The Cure for Four Common Customer Service Problems

It's trite to say that happier customer service agents mean happier customers and shareholders. But it's true. Happier agents perform better, are more productive, and stay in their jobs longer, which helps with turnover, one of the costlier factors in managing customer service operations. Yet, as contact centers automate more work and deflect more of the straightforward inquiries, agents have to solve the harder issues. They also have to be empathetic and emotionally resonant with customers.

Agents who can do it all are called superagents. They are highly skilled and better compensated than lower-tiered agents. They might even have revenue goals they have to meet. And this job function becomes appealing to Gen Zers who are just entering the workforce. This generation brings expectations for consumer-grade technologies that help them be more productive and focus on work that matters. They want to make an impact to customers. They have come of age constantly learning and adapting to new technology.

Customer service organizations staffed with superagents have a greater need for effective, modern technology to empower them to understand the customer, arm them with the right knowledge, and focus them on work that matters. Because if you don't give agents the right technology to help them be successful at their jobs, they will leave.

Today, organizations manually knit agent desktops together from a range of technology components to make operations smarter and more streamlined so they can provide better customer service experiences. But customer service managers don't always have clear road maps on how or in which order to adopt these technologies and understand their additive value. These are the problems that I commonly see that must be addressed with modern agent technologies, and here is what to do about them:

Problem 1: Agents don't have enough context about your customers and their interactions. Many customers are authenticated on a website when they call customer service. Contact center managers know which channels customers use before reaching out to the contact center; they just aren't doing anything about it. Not only do agents not have visibility into these customer interactions, but they also frustrate customers by asking for data that they have already provided.

What to do: Make sure you pop customer information, such as their value, health and context, to your agents. You can even surface data like household information, life events or conversational style to your agents. This data helps agents personalize interactions and guides them to the right next steps.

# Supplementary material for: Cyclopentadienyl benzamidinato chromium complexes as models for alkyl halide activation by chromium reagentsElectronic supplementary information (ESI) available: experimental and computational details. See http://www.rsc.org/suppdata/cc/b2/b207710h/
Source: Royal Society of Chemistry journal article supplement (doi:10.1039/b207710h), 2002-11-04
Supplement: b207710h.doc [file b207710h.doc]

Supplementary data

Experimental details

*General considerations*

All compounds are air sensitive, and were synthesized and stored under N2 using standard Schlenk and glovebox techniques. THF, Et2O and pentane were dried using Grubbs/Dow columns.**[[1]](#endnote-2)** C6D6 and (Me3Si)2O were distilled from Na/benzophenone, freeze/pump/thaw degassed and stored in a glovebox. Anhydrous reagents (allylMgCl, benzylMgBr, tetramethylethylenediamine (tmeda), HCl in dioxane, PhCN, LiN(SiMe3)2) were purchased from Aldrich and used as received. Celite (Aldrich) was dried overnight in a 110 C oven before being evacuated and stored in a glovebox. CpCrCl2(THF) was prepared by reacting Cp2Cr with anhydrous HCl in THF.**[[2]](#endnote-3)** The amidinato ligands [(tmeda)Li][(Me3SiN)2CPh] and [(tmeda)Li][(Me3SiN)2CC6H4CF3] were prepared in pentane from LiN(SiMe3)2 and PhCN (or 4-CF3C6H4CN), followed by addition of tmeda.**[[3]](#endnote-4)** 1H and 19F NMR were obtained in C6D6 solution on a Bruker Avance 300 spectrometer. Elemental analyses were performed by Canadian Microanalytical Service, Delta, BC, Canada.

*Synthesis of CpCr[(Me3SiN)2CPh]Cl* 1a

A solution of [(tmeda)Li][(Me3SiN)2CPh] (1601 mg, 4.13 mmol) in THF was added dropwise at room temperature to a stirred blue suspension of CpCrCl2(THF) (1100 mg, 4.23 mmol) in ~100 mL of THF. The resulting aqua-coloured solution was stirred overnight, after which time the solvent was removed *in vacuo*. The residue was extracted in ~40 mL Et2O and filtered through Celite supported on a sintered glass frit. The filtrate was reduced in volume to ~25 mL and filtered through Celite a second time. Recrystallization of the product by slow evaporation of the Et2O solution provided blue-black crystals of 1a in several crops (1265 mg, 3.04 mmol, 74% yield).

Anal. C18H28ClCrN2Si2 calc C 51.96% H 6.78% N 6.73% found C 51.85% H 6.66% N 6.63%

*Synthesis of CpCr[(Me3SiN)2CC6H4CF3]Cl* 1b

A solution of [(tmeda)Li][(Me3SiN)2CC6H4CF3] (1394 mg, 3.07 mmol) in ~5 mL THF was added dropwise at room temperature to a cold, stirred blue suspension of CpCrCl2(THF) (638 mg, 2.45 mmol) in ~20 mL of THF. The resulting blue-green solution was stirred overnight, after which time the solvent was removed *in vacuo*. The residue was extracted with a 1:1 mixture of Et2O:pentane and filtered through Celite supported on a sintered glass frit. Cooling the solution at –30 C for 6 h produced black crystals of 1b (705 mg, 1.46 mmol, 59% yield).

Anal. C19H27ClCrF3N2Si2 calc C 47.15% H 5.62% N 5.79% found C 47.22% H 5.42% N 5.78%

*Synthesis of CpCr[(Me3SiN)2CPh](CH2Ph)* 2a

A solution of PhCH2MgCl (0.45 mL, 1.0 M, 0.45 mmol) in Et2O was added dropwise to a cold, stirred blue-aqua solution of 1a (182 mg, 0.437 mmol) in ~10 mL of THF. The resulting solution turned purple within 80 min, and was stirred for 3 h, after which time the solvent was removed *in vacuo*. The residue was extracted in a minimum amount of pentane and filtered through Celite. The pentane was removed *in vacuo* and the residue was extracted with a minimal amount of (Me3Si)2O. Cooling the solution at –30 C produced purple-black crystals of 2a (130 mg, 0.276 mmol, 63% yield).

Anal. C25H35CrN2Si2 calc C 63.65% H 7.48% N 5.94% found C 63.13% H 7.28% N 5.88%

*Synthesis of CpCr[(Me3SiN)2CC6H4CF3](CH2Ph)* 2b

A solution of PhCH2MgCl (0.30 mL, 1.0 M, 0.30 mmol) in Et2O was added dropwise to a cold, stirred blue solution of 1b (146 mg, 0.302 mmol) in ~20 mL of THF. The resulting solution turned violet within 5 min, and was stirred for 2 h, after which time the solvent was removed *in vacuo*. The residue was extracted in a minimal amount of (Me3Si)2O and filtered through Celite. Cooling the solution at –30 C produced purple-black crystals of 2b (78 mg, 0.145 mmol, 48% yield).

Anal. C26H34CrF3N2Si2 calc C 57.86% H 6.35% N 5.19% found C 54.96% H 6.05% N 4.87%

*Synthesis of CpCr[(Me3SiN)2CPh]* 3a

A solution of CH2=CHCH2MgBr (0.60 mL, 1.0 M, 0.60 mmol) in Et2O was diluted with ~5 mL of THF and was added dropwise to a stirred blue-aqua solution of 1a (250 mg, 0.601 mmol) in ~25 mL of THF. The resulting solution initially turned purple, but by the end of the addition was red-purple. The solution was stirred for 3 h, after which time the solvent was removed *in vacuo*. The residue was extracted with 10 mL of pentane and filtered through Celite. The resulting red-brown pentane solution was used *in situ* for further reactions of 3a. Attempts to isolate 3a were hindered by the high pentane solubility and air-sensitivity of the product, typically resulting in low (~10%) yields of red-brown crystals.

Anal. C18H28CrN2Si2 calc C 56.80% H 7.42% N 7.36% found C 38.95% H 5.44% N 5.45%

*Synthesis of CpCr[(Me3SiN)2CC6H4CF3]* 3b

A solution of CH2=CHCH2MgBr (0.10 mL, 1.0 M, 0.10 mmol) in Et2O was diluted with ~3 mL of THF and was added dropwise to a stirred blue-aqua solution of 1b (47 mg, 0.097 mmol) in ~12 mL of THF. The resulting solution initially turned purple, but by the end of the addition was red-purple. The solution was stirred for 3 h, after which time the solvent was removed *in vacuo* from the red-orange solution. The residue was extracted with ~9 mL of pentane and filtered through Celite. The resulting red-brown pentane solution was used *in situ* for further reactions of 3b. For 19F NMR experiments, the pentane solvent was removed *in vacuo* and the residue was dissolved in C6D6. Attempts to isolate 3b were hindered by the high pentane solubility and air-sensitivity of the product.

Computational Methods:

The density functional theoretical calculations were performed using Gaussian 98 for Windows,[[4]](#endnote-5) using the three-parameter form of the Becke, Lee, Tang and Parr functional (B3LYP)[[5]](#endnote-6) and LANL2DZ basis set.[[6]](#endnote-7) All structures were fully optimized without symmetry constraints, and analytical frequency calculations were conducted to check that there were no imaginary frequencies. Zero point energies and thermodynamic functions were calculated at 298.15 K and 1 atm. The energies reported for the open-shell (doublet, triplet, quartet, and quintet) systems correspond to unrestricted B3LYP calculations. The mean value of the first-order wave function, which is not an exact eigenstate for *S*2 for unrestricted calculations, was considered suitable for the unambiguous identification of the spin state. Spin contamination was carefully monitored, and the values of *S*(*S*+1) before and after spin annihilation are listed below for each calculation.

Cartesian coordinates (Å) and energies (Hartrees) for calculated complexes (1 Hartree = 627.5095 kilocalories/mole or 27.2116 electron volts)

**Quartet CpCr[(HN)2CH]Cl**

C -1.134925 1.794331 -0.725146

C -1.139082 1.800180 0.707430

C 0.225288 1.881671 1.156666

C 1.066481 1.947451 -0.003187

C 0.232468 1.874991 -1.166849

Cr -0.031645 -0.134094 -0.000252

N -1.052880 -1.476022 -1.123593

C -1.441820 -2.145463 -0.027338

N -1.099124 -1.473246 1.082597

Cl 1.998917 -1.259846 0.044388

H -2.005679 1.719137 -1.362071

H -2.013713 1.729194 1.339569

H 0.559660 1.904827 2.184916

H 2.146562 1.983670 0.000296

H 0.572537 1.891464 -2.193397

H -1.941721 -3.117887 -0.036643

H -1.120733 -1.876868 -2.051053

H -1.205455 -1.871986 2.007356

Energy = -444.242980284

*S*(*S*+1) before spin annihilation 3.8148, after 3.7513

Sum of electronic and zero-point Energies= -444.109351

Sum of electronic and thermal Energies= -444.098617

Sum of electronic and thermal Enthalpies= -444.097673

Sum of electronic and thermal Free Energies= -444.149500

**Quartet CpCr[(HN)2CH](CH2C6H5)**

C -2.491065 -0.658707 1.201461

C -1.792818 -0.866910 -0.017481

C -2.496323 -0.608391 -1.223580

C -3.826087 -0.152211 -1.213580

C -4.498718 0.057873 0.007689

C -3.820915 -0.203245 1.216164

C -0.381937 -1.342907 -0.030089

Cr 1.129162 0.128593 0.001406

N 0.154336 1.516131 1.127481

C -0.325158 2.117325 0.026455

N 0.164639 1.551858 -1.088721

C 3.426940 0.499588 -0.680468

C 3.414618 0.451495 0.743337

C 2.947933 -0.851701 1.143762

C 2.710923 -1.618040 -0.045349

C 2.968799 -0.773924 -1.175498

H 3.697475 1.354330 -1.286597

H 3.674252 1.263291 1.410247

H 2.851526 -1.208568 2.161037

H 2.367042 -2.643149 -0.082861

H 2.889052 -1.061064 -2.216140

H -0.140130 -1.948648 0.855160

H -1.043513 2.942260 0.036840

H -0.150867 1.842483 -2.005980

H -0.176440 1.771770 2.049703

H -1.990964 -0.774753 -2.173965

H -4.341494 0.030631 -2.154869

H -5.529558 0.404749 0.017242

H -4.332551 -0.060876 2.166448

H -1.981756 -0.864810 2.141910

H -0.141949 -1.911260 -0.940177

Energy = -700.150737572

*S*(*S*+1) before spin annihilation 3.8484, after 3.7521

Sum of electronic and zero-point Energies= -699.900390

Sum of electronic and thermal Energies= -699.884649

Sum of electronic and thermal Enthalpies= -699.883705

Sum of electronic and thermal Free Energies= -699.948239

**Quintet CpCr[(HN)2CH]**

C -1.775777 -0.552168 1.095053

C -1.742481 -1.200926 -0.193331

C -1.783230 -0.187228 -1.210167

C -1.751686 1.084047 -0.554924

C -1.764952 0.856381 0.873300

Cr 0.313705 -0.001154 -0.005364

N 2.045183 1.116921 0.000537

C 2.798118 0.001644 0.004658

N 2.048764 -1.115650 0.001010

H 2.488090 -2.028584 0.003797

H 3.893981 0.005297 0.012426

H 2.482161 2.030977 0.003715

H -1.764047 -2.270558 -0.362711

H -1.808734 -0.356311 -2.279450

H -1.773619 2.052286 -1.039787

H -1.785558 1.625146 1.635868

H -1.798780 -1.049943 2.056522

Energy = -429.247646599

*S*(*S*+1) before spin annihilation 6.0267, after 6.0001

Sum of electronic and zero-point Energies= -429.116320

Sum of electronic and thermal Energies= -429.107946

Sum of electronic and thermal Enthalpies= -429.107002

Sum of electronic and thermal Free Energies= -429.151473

Problem 2: Agents don't have the right knowledge and data. Agents spend an inordinate amount of time searching for the right information from a knowledge base or CRM system. They wade through interaction logs to understand recent conversations. They don't understand which products customers have bought or their value to the company. They can't use customer knowledge to personalize interactions and keep customers happy.

What to doMake sure you integrate knowledge management into your agent desktop. Pass customer and inquiry details into your knowledge base search so you can proactively surface relevant content to the agent. Add automation to classify cases or auto-fill case forms. Explore generative artificial intelligence to automatically summarize customer history so agents can quickly come up to speed.

Problem 3: The agent desktop has too many applications. Customer service agents use dozens of disconnected applications in the course of resolving a single customer issue, often duplicating data from application to application or performing repetitive, manual tasks. These actions that can take up 15 percent of an agent's day. Managers can't enforce standardized processes. Agents take a long time to get trained on processes and applications, and their frustration with their tool sets causes them to turn over quickly.

What to do: Start with a modern customer service agent solution that provides omnichannel inquiry capture and workflow and integrated knowledge management. Layer on efficiency tools, such as robotic process automation or digital process automation. Follow with solutions to make service more effective, such as cognitive search, agent-facing chatbots, and agent collaboration.

Problem 4: Agents aren't adequately skilled. As self-service technologies get better, contact center agents handle harder issues from more frustrated and anxious customers. Agents spend more than 10 percent of their workdays reaching out to subject-matter experts and leads for help. Managers struggle to train and coach their employees to handle the technically and emotionally more complex interactions. Yet, these interactions, if done well, are rare moments in an increasingly digital-first world where companies can directly connect with customers to nurture and strengthen relationships.

What to do: Agents don't have time to take day-long or even hour-long training classes. Learning needs to evolve to be continuous to keep up with new product introductions or emerging issues. How do you recommend the right training? Speech and text analytics can continuously monitor and score customer outcomes. Quality scores drive just-in-time coaching on specific subjects that could be only minutes long. And training is surfaced right in the agent desktop.

Kate Leggett is a vice president and principal analyst at Forrester Research.